The ground beneath New York City is sinking and rising across different areas, new research shows. The sinking has contributed to worsening flood risks, including at sporting arenas, roadways, and a busy airport.
A study on the slight elevation changes throughout the city was published in the journal Science Advances last week. Researchers from NASA and Rutgers University documented the city rising and sinking at different rates from 2016 to 2023 by using a remote sensing technique called interferometric synthetic aperture radar (InSAR). This combines several 3D observations of a region to reveal changes over time.
Through those observations, the researchers found that the NYC metropolitan area is sinking at a median rate of about 1.6 millimeters (0.06 inches) a year. Several locations around the city, including Arthur Ashe Stadium in Queens, a runway at LaGuardia Airport, and Interstate 78 (this includes the Holland Tunnel), are sinking at a rate of more than 2 millimeters (0.07 inches) per year. That sounds tiny, but it adds up over time to increase flood risk throughout the city.
There’s an ancient reason for some of this sinking. During the most recent ice age, which ended over 11,000 years ago, much of the Northeast U.S. was covered in ice, a post from NASA explains; much of New York City sits on land that was once slightly elevated and is now coming back down. Development has also played a role. Some of the sinking locations, like LaGuardia Airport, were built on top of landfills. The sinking has occurred alongside a worsening climate crisis that has increased flooding from rising ocean levels and heavier rainfall. Sea levels around Manhattan rose by more than 4 millimeters a year between 2000 and 2022.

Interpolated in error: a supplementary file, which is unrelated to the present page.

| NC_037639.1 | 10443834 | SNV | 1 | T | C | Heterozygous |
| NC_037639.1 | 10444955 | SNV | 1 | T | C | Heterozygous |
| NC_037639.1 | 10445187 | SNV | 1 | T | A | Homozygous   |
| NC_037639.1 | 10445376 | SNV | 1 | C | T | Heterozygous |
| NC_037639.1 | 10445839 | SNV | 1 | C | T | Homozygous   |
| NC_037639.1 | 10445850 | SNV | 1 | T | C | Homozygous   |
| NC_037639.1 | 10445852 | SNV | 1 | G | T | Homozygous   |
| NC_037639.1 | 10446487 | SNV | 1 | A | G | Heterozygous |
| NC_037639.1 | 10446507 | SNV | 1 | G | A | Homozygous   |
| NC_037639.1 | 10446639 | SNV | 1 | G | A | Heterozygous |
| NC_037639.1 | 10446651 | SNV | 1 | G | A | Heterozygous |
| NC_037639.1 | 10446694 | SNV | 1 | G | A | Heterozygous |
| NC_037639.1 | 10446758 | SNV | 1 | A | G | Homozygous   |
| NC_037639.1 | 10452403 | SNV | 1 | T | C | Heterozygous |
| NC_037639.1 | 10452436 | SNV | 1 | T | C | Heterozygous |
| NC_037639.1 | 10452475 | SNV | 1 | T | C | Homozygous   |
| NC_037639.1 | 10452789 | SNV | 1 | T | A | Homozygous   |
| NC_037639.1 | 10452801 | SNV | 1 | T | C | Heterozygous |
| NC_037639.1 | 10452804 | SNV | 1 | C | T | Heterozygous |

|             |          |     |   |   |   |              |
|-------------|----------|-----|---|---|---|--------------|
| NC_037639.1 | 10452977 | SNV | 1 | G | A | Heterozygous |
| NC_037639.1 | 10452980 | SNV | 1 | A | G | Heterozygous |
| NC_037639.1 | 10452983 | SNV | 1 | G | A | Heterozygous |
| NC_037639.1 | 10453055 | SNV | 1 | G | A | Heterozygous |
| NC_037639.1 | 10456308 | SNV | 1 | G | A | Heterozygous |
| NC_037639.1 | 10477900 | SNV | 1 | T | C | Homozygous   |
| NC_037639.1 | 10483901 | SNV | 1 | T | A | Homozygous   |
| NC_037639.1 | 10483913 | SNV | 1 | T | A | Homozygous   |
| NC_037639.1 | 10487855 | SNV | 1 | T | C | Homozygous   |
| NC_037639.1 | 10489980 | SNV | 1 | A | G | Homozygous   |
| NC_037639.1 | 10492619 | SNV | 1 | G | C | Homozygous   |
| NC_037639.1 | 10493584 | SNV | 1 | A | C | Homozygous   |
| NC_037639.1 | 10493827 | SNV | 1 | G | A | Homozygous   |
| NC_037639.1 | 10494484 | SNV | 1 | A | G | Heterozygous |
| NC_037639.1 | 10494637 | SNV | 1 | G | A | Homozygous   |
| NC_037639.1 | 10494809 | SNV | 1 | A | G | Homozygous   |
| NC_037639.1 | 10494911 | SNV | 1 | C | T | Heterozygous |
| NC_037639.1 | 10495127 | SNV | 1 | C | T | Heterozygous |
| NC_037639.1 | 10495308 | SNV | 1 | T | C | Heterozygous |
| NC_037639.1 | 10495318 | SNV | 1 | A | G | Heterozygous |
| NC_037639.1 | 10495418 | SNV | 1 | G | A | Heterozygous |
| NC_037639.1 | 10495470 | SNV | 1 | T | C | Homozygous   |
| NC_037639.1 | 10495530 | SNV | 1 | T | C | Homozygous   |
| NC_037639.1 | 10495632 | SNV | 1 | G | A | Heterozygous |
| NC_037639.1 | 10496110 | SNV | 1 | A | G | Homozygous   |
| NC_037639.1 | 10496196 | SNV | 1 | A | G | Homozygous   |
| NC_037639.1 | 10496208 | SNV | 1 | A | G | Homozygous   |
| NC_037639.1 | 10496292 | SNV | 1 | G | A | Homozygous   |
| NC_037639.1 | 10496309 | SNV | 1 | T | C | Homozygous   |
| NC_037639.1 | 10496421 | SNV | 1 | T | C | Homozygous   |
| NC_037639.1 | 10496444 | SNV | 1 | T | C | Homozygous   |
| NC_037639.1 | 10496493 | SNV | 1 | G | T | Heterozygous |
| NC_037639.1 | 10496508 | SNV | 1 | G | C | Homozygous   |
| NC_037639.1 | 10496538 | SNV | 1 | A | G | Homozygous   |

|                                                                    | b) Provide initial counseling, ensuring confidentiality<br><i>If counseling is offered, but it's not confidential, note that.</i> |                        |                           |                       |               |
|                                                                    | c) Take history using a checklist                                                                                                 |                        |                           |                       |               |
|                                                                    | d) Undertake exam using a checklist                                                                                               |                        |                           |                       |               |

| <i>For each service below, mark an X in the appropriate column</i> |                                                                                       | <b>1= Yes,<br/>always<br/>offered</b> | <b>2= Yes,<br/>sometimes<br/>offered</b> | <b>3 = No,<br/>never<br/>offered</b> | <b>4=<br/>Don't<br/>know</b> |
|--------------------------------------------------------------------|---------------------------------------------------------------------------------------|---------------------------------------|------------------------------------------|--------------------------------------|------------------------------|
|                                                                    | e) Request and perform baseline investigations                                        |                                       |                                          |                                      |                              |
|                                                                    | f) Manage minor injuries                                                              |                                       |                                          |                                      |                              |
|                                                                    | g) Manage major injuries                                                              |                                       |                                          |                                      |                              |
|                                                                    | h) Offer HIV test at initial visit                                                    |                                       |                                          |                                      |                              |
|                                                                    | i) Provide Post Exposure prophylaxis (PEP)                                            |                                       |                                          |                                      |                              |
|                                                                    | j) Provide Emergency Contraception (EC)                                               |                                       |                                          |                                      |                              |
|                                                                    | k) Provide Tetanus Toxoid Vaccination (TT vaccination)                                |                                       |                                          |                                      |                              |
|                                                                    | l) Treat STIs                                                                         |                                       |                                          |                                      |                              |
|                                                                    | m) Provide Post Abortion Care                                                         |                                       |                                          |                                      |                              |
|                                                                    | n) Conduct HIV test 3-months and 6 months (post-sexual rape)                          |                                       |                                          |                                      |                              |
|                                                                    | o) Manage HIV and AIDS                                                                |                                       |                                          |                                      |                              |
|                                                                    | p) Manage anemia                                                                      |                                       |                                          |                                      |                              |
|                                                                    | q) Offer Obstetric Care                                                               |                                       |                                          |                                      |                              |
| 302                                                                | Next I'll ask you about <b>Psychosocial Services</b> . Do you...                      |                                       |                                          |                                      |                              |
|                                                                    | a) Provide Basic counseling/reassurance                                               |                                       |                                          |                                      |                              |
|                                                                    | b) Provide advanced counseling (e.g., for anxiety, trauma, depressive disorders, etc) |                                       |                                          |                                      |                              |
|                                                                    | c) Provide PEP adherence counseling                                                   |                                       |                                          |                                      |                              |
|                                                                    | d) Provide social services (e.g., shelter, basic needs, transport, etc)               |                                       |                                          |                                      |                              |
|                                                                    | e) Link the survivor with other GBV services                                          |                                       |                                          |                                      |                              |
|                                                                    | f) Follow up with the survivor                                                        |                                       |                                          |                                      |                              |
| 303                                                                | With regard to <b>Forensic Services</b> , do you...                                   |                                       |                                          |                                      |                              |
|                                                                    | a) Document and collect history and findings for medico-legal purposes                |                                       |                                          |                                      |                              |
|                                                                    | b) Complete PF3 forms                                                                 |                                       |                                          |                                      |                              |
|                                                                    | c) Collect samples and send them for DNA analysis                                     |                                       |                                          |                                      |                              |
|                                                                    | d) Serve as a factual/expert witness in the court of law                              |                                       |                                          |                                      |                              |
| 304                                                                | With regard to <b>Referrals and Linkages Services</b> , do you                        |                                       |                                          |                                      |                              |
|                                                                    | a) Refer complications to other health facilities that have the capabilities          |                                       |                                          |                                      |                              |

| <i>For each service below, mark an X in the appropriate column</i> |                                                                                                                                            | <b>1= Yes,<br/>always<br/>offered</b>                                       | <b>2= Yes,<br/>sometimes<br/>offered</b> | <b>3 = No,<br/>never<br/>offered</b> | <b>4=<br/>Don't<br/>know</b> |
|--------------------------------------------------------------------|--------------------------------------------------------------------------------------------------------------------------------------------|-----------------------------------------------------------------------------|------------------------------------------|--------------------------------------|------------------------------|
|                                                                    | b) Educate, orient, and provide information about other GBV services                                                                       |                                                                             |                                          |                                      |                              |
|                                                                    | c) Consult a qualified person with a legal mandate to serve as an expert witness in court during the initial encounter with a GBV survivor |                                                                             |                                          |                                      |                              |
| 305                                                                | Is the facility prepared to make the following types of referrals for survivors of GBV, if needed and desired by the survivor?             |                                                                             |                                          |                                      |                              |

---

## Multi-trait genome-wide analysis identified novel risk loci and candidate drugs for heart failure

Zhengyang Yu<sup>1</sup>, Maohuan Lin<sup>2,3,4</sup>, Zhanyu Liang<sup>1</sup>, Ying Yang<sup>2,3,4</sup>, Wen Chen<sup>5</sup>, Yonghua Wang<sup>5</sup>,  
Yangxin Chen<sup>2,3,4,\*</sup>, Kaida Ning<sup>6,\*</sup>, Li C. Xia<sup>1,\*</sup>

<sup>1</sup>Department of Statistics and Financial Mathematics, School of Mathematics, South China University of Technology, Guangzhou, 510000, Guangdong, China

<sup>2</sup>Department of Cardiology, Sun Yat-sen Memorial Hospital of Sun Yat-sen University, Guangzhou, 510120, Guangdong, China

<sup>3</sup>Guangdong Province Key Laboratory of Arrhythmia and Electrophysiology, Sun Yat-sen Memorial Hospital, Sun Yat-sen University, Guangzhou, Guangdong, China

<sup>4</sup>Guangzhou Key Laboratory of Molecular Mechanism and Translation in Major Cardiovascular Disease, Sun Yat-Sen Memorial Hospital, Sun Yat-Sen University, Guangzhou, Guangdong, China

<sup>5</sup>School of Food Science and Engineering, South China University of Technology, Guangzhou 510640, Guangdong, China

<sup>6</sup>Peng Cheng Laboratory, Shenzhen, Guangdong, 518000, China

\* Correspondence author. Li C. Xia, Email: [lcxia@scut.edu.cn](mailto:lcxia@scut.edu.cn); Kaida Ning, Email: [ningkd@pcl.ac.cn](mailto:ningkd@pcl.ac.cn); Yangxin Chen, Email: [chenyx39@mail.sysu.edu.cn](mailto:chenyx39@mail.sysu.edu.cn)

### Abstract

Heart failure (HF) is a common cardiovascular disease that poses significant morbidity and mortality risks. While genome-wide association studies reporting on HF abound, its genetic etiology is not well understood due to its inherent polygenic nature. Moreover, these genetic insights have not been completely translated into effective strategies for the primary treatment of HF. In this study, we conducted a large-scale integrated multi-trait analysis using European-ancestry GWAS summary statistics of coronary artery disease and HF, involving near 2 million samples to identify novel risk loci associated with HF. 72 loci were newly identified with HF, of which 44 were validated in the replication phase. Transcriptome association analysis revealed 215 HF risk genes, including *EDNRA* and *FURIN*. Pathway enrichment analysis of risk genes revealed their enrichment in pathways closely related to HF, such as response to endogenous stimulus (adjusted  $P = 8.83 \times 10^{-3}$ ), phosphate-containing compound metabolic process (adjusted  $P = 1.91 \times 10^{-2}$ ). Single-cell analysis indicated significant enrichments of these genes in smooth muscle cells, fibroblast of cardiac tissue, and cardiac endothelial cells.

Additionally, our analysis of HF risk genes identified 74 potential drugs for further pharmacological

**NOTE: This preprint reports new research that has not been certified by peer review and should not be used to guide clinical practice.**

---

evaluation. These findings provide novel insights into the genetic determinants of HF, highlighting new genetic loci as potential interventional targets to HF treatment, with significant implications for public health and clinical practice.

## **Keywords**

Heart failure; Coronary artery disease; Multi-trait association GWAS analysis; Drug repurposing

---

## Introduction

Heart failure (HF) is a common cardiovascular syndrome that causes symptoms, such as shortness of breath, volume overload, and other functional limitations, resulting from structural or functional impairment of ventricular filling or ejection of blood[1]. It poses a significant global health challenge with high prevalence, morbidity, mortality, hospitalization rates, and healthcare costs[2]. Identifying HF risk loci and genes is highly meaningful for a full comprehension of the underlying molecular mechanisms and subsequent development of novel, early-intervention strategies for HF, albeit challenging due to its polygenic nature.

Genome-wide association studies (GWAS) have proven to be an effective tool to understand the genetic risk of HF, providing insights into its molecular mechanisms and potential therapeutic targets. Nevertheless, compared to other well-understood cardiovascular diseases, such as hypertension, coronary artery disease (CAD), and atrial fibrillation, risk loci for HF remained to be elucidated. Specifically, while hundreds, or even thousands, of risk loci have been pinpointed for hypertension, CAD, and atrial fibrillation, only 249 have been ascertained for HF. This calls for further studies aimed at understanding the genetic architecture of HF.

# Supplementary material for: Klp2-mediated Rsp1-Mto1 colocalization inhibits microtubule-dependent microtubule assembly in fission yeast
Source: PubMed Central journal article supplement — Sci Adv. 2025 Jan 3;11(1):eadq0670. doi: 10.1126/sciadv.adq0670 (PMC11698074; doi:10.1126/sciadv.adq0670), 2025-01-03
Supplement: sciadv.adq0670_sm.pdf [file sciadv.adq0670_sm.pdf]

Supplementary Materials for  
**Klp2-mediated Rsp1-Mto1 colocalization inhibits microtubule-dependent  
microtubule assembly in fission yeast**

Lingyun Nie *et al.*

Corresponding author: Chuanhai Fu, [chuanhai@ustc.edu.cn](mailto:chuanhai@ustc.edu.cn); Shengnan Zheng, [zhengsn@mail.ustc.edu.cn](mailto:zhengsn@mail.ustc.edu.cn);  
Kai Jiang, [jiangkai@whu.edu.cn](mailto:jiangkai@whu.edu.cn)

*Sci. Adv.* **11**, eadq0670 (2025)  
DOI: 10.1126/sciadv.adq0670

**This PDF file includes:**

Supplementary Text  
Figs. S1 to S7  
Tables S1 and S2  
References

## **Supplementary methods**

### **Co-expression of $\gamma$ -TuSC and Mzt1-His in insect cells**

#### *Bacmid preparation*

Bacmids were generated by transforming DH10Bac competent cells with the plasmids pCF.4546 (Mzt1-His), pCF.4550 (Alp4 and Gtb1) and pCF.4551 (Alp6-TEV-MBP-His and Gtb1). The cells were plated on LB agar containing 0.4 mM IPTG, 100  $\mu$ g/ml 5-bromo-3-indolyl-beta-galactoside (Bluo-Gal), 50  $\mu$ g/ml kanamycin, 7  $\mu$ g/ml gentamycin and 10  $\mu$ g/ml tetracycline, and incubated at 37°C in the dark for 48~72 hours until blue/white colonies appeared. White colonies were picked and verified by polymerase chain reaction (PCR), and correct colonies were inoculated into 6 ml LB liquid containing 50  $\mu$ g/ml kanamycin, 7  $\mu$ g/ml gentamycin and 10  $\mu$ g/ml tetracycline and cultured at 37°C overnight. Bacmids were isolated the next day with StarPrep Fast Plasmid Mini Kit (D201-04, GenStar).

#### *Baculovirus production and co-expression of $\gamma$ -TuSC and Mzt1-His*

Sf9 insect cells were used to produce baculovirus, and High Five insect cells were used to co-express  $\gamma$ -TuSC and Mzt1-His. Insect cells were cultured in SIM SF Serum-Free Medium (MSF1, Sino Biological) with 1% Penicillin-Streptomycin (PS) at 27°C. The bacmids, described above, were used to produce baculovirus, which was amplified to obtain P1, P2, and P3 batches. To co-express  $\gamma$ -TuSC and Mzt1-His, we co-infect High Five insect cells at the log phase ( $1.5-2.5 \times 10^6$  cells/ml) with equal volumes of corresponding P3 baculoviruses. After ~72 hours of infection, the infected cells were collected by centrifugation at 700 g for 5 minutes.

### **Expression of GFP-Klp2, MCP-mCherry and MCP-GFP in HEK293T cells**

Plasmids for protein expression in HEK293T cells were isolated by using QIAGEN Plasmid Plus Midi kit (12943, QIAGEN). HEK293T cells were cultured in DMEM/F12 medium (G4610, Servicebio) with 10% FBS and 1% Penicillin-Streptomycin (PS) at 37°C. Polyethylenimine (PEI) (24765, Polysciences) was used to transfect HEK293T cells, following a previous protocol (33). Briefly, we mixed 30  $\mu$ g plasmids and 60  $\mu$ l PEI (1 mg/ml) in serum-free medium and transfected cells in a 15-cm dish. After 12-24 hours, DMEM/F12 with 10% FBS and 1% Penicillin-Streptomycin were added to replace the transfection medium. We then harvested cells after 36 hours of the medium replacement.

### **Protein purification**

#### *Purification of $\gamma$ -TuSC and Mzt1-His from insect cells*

“The city has long dealt with coastal flooding from both hurricanes and extratropical storms, but as seen with Superstorm Sandy in 2012, storm surges associated with severe weather events are becoming more destructive because of ongoing sea level rise,” the study authors wrote. “The relative rise in sea level during the 20th century resulted in an additional $8.1 billion in damages from Sandy than would have occurred a century prior.”
Residents have witnessed the consequences first hand. Despite billions of dollars of updates to LaGuardia Airport, that area has not been spared from damage due to extreme weather. Late last week, heavy rainfall over the NYC area created flash flooding in subway stations, across highways, and at the airport. Travelers had to wade through several inches of water in the terminals, NBC New York reported.
Researchers also found that some parts of New York are actually rising. They noted that Newton Creek in Brooklyn is rising at a rate of about 1.6 millimeters (0.06 inches) a year, while the neighborhood of Woodside, Queens rose about 6.9 millimeters (0.27 inches) between May 2016 to December 2019.
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